A Jihadi in the Making

Islam Yakan, an Egyptian jihadi, not the character described in this story.
Islam Yakan, an Egyptian jihadi, not the character described in this story.

Powerful testimony from Rana Allam, about her former work colleague and fellow Tahrir demonstrator, in Daily News Egypt.

The difference between us, and it was quite minor back then, that he came from a family that believed in the Muslim Brotherhood and he was a religious young man, while I believed in a secular civil state. We never had a problem discussing such matters, and just as he was neither a hardliner nor ultra conservative, we agreed on the basis of democracy.

But then Rabaa happened.

Eventually he found his young brother, after weeks of torture at some detention facility. He could tell the torture was brutal by the marks on his brother’s face and body. They were then informed that the student was facing charges of terrorism and that his trial was due in a few days. By then, and because of the extended absence from work along with his psychological status, our friend was out of a job. He did not appear to mind the unemployment much, being too busy with his mother and sister who lost a husband/father and his tortured brother in detention facing terrorism charges.

Other troubles followed, and eventually he fled the country with his family. He is not described as in Syria, as I was expecting. But the attitude is similar.

My genius sweet colleague has become a bloody, vengeful, bitter man. He has joined the flock of those who rejoice at the murder of police officers, judges and soldiers. He is hailing the Almighty every time a death toll is announced. He is praying for God’s strength to be given to those “martyrs” dying for the cause. He goes on and on about jihad in Islam against those infidel murderers. He also calls for the heads of their supporters, from government officials to idiotic pro-army demonstrators. Right now, I do not think he minds killing his neighbour if he was a mere verbal supporter of the regime.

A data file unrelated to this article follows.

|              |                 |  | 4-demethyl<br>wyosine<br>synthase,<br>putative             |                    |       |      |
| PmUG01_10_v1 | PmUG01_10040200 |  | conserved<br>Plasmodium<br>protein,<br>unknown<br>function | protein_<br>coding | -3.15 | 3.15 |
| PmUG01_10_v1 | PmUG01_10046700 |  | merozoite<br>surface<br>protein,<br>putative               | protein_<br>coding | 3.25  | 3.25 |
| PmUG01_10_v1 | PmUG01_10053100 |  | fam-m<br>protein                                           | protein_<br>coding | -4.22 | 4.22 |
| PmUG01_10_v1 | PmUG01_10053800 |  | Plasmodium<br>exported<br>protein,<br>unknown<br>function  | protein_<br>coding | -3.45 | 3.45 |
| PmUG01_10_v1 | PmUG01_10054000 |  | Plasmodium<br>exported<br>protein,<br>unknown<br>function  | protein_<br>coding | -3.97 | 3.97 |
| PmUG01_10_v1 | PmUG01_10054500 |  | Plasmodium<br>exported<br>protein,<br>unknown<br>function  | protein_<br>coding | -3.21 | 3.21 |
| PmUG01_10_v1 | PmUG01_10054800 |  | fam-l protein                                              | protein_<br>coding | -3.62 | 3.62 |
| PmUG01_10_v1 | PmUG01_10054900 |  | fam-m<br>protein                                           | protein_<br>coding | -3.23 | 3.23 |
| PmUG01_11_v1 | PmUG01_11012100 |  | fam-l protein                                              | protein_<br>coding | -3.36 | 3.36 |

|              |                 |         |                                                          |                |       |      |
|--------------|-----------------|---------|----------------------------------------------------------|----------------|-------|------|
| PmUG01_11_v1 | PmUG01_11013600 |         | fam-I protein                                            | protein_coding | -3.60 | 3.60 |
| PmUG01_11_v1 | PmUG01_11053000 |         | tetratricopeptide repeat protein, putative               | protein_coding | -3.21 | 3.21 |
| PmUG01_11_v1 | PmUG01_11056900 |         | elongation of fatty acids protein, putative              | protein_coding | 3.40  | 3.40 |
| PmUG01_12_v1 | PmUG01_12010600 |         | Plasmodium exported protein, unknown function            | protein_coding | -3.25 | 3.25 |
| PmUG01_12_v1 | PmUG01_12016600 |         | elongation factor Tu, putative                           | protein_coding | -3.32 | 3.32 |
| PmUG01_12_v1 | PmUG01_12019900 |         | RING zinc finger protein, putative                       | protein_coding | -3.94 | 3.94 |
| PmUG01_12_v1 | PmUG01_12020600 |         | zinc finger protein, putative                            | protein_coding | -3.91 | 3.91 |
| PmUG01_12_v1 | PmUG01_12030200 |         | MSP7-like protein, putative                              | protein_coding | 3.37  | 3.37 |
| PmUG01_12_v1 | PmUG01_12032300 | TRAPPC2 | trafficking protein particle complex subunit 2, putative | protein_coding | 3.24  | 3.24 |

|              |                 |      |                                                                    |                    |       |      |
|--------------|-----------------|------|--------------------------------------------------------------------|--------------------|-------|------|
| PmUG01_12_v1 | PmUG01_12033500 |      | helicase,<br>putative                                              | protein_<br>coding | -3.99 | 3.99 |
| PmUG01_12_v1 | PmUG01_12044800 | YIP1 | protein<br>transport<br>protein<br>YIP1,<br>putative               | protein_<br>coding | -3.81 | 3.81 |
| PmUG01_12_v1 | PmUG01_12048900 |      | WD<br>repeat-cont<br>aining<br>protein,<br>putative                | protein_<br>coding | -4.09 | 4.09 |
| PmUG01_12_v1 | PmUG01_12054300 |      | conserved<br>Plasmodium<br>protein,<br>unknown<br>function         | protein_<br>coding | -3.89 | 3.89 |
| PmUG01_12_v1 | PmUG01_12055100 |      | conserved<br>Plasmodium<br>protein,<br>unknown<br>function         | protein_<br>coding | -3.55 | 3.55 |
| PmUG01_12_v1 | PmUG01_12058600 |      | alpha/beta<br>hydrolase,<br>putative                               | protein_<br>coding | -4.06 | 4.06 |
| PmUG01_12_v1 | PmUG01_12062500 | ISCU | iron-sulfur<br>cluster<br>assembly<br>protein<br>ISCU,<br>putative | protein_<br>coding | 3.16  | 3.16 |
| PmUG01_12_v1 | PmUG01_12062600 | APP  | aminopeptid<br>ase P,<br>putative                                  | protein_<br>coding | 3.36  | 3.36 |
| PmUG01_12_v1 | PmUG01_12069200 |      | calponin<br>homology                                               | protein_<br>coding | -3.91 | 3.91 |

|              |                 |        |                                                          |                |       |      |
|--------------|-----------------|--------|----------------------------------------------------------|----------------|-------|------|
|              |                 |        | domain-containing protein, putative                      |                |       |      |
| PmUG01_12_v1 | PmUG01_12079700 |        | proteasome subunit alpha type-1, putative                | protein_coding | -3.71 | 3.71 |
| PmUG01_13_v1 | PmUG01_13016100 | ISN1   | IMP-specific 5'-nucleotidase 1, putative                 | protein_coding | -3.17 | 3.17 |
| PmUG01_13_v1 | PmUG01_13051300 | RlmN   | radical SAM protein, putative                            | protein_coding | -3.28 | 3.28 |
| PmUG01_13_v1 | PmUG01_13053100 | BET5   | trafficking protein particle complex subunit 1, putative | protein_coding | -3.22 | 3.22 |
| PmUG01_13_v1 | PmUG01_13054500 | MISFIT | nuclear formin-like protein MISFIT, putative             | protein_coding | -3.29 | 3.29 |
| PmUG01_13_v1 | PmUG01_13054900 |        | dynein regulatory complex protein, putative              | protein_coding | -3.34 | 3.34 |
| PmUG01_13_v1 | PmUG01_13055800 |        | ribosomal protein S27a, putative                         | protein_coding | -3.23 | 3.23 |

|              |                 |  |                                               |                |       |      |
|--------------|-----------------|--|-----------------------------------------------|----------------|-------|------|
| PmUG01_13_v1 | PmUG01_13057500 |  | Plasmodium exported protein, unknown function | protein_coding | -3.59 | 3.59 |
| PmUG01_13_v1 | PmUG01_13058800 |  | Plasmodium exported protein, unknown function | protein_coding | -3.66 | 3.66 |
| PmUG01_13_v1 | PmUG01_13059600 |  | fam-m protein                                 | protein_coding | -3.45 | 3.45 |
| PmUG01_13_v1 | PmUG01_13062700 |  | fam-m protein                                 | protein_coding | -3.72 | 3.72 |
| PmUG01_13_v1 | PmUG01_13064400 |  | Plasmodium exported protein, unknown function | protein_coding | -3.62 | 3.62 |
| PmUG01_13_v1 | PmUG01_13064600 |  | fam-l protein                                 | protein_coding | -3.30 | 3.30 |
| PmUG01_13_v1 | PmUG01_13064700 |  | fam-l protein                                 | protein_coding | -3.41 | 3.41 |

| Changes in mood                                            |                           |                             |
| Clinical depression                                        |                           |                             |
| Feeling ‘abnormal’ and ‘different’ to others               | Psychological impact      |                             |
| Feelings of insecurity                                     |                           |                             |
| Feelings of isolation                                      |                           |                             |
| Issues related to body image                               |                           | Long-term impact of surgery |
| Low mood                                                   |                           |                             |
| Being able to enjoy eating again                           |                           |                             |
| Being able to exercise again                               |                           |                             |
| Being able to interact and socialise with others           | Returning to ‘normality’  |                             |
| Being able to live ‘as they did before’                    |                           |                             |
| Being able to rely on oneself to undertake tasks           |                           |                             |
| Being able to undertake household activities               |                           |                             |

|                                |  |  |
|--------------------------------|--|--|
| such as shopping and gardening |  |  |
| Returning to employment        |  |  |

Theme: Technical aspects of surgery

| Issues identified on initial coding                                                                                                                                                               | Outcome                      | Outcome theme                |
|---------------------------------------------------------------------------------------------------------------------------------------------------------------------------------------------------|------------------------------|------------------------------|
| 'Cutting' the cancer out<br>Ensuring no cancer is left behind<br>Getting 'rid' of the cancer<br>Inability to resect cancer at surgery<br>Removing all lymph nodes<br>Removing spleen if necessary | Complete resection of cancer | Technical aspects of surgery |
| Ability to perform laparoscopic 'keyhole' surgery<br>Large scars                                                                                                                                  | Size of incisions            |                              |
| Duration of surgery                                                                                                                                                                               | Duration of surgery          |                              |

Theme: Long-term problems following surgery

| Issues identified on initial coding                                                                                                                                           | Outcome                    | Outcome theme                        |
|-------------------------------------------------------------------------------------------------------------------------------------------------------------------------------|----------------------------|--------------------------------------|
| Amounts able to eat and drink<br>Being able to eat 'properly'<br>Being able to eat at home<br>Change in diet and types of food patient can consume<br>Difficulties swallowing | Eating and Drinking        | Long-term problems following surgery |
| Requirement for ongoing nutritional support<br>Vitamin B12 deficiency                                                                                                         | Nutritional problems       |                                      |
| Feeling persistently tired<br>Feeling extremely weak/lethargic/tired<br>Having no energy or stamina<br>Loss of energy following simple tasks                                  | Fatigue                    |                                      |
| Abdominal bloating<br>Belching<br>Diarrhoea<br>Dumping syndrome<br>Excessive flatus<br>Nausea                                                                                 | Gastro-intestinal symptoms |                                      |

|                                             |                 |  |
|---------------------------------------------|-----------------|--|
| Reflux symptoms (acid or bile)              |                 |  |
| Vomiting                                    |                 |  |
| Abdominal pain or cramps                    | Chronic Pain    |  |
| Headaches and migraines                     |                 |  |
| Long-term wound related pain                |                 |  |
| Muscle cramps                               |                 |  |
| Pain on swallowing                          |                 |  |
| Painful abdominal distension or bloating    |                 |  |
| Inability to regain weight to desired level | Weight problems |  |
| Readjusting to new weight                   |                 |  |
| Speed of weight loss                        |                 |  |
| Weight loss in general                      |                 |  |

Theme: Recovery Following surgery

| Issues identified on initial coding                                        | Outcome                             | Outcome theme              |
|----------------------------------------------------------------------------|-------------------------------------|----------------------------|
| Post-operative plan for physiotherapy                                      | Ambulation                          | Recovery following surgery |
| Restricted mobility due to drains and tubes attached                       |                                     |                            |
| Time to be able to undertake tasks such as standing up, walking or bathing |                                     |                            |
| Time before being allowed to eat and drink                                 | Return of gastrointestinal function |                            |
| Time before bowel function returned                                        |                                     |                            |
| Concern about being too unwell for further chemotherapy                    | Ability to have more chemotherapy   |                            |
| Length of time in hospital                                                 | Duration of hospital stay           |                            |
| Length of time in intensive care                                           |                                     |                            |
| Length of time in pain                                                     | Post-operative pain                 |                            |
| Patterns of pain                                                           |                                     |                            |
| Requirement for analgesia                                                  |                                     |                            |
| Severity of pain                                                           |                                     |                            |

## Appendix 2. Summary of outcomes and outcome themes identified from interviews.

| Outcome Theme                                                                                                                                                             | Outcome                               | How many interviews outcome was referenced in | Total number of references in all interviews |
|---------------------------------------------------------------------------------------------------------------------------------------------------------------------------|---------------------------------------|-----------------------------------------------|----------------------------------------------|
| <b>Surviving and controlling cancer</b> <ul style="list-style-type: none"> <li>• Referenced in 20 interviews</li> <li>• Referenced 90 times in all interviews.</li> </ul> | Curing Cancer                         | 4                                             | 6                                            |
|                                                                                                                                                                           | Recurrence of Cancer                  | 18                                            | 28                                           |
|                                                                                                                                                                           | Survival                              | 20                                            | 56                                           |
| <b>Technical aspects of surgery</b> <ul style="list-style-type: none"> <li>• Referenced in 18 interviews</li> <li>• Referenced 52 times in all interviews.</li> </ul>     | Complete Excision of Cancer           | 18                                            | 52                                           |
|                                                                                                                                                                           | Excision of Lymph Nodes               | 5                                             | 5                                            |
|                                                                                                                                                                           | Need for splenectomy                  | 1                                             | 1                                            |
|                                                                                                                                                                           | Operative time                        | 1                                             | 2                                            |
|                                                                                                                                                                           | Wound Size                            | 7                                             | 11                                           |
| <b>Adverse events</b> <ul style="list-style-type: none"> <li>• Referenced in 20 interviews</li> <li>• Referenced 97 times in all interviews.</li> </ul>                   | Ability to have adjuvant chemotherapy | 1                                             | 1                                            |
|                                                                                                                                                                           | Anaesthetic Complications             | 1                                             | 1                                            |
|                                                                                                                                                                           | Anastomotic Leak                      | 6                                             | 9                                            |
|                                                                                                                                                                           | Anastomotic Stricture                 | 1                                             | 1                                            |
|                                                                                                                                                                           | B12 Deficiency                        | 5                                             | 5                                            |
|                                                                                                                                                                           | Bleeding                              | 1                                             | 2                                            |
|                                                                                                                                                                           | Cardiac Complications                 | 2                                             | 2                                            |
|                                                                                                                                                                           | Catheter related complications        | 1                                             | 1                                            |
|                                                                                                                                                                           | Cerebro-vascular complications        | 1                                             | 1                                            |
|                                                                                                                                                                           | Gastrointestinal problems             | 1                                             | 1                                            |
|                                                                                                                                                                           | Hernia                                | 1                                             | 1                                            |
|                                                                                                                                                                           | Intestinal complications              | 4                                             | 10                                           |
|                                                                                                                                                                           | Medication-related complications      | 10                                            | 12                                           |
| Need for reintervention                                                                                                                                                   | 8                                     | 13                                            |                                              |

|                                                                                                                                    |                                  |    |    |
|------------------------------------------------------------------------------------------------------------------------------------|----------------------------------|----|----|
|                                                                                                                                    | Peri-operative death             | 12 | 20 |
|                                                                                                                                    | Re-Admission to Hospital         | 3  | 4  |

Early on after the fall of Morsi, many Islamists and others warned that in keeping the Brotherhood from democratic gains it would push them into violent efforts for power. I recognize the power of the logic, but have argued against it, though with troubled reservation of spirit. It is too akin to blackmail, even as many principles are violated.

But to the extent this account is an accurate description of the post-Morsi environment, the logic is different, and more unassailable. It is not the whole story of extremism, but Allam sums it up, in rhetoric surprising to appear in Egyptian media, even if in English.

Our rulers still deny this fact and continue to breed violence completely oblivious or uncaring of what that leads to. There are almost five million Brotherhood sympathisers in Egypt, given the parliamentary and presidential elections figures. The number might have decreased after the Brotherhood’s rule indeed, but how much? A few hundred thousands are enough to turn this country upside down. We should also count those who are not Brotherhood sympathisers but had their loved ones go through the same suffering. The families and friends of the tortured, murdered, unjustly imprisoned will be bitter enough to hate everyone else, and hatred is the root of evil. Does no one in this regime see that?

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